PFAS chemicals seemed like a good idea at first. As Teflon, they made pots easier to clean starting in the 1940s. They made jackets waterproof and carpets stain-resistant. Food wrappers, firefighting foam, even makeup seemed better with perfluoroalkyl and polyfluoroalkyl substances.
Then tests started detecting PFAS in people’s blood.
Today, PFAS are pervasive in soil, dust and drinking water around the world. Studies suggest they’re in 98% of Americans’ bodies, where they’ve been associated with health problems including thyroid disease, liver damage and kidney and testicular cancer. There are now over 9,000 types of PFAS. They’re often referred to as “forever chemicals” because the same properties that make them so useful also ensure they don’t break down in nature.
Scientists are working on methods to capture these synthetic chemicals and destroy them, but it isn’t simple.
The latest breakthrough, published Aug. 18, 2022, in the journal Science, shows how one class of PFAS can be broken down into mostly harmless components using sodium hydroxide, or lye, an inexpensive compound used in soap. It isn’t an immediate solution to this vast problem, but it offers new insight.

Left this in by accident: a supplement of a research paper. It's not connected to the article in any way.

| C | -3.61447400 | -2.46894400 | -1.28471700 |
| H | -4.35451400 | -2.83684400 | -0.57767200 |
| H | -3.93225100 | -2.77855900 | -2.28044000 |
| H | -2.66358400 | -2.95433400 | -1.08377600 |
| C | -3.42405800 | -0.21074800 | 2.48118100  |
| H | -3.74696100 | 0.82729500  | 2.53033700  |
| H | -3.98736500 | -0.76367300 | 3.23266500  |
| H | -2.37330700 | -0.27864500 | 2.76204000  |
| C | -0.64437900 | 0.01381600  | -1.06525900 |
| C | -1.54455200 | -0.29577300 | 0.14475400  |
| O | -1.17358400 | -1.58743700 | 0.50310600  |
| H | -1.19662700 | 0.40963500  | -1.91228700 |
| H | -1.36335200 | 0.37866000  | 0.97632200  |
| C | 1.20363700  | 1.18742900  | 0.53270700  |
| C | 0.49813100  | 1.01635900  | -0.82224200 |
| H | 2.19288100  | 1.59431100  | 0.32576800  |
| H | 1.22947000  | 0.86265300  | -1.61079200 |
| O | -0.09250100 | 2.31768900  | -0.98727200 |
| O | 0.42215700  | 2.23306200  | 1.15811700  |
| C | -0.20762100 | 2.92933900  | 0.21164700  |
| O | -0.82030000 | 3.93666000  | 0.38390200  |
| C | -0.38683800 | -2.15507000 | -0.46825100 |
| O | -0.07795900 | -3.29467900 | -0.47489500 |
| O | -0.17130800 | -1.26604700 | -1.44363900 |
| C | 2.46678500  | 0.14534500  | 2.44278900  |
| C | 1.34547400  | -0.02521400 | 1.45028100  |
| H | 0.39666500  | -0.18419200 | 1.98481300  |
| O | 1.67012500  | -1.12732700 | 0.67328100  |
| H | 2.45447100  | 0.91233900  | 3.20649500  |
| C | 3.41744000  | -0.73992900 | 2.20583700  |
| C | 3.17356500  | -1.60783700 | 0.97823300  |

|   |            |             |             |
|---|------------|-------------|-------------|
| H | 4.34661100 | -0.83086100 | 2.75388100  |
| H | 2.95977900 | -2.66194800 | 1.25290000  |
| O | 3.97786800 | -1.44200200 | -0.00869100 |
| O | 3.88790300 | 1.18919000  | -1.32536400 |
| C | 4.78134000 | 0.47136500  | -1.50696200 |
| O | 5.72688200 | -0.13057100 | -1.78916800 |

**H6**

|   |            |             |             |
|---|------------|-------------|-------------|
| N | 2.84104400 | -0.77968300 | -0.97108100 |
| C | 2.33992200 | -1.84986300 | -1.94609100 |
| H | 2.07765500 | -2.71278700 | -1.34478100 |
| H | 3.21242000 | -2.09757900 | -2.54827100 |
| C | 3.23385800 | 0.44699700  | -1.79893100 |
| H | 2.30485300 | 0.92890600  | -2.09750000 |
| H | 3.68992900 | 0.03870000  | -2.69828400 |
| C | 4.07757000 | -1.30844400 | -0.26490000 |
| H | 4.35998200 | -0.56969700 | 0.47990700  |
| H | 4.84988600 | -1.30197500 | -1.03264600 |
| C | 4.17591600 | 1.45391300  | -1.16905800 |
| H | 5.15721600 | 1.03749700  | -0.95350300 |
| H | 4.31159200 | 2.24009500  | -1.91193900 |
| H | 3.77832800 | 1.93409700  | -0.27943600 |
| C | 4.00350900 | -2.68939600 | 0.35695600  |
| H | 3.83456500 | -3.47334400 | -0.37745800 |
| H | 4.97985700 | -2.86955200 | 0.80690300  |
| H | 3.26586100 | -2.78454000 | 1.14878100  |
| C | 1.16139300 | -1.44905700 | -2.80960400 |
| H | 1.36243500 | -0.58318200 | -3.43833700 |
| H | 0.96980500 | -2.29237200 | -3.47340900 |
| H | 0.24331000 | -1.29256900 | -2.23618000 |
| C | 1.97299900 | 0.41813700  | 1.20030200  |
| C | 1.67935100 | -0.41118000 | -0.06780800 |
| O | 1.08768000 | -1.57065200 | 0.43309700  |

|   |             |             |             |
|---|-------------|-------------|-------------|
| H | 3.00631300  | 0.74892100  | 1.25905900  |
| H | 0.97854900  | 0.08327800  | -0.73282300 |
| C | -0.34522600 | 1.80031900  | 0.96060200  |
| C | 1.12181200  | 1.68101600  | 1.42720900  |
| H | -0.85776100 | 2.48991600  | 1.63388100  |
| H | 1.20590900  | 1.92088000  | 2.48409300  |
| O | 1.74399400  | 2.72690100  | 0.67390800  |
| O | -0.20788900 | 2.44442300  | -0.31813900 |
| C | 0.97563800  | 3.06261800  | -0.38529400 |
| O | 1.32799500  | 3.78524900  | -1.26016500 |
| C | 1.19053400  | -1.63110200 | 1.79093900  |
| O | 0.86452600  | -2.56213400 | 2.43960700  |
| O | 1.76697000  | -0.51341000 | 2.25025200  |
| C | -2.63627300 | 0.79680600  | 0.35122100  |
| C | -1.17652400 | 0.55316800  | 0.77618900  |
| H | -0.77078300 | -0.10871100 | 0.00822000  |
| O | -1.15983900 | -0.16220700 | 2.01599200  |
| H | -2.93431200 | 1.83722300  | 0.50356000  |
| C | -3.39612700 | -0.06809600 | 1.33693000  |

Biochemist A. Daniel Jones and soil scientist Hui Li work on PFAS solutions at the Michigan State University and explained the promising PFAS destruction techniques being tested today.
How do PFAS get from everyday products into water, soil and eventually humans?
There are two main exposure pathways for PFAS to get into humans – drinking water and food consumption.
PFAS can get into soil through land application of biosolids, that is, sludge from wastewater treatment, and can they leach out from landfills. If contaminated biosolids are applied to farm fields as fertilizer, PFAS can get into water and into crops and vegetables.
For example, livestock can consume PFAS through the crops they eat and water they drink. There have been cases reported in Michigan, Maine and New Mexico of elevated levels of PFAS in beef and in dairy cows. How big the potential risk is to humans is still largely unknown.
Scientists in our group at Michigan State University are working on materials added to soil that could prevent plants from taking up PFAS, but it would leave PFAS in the soil.
The problem is that these chemicals are everywhere, and there is no natural process in water or soil that breaks them down. Many consumer products are loaded with PFAS, including makeup, dental floss, guitar strings and ski wax.
How are remediation projects removing PFAS contamination now?
Methods exist for filtering them out of water. The chemicals will stick to activated carbon, for example. But these methods are expensive for large-scale projects, and you still have to get rid of the chemicals.
For example, near a former military base near Sacramento, California, there is a huge activated carbon tank that takes in about 1,500 gallons of contaminated groundwater per minute, filters it and then pumps it underground. That remediation project has cost over $3 million, but it prevents PFAS from moving into drinking water the community uses.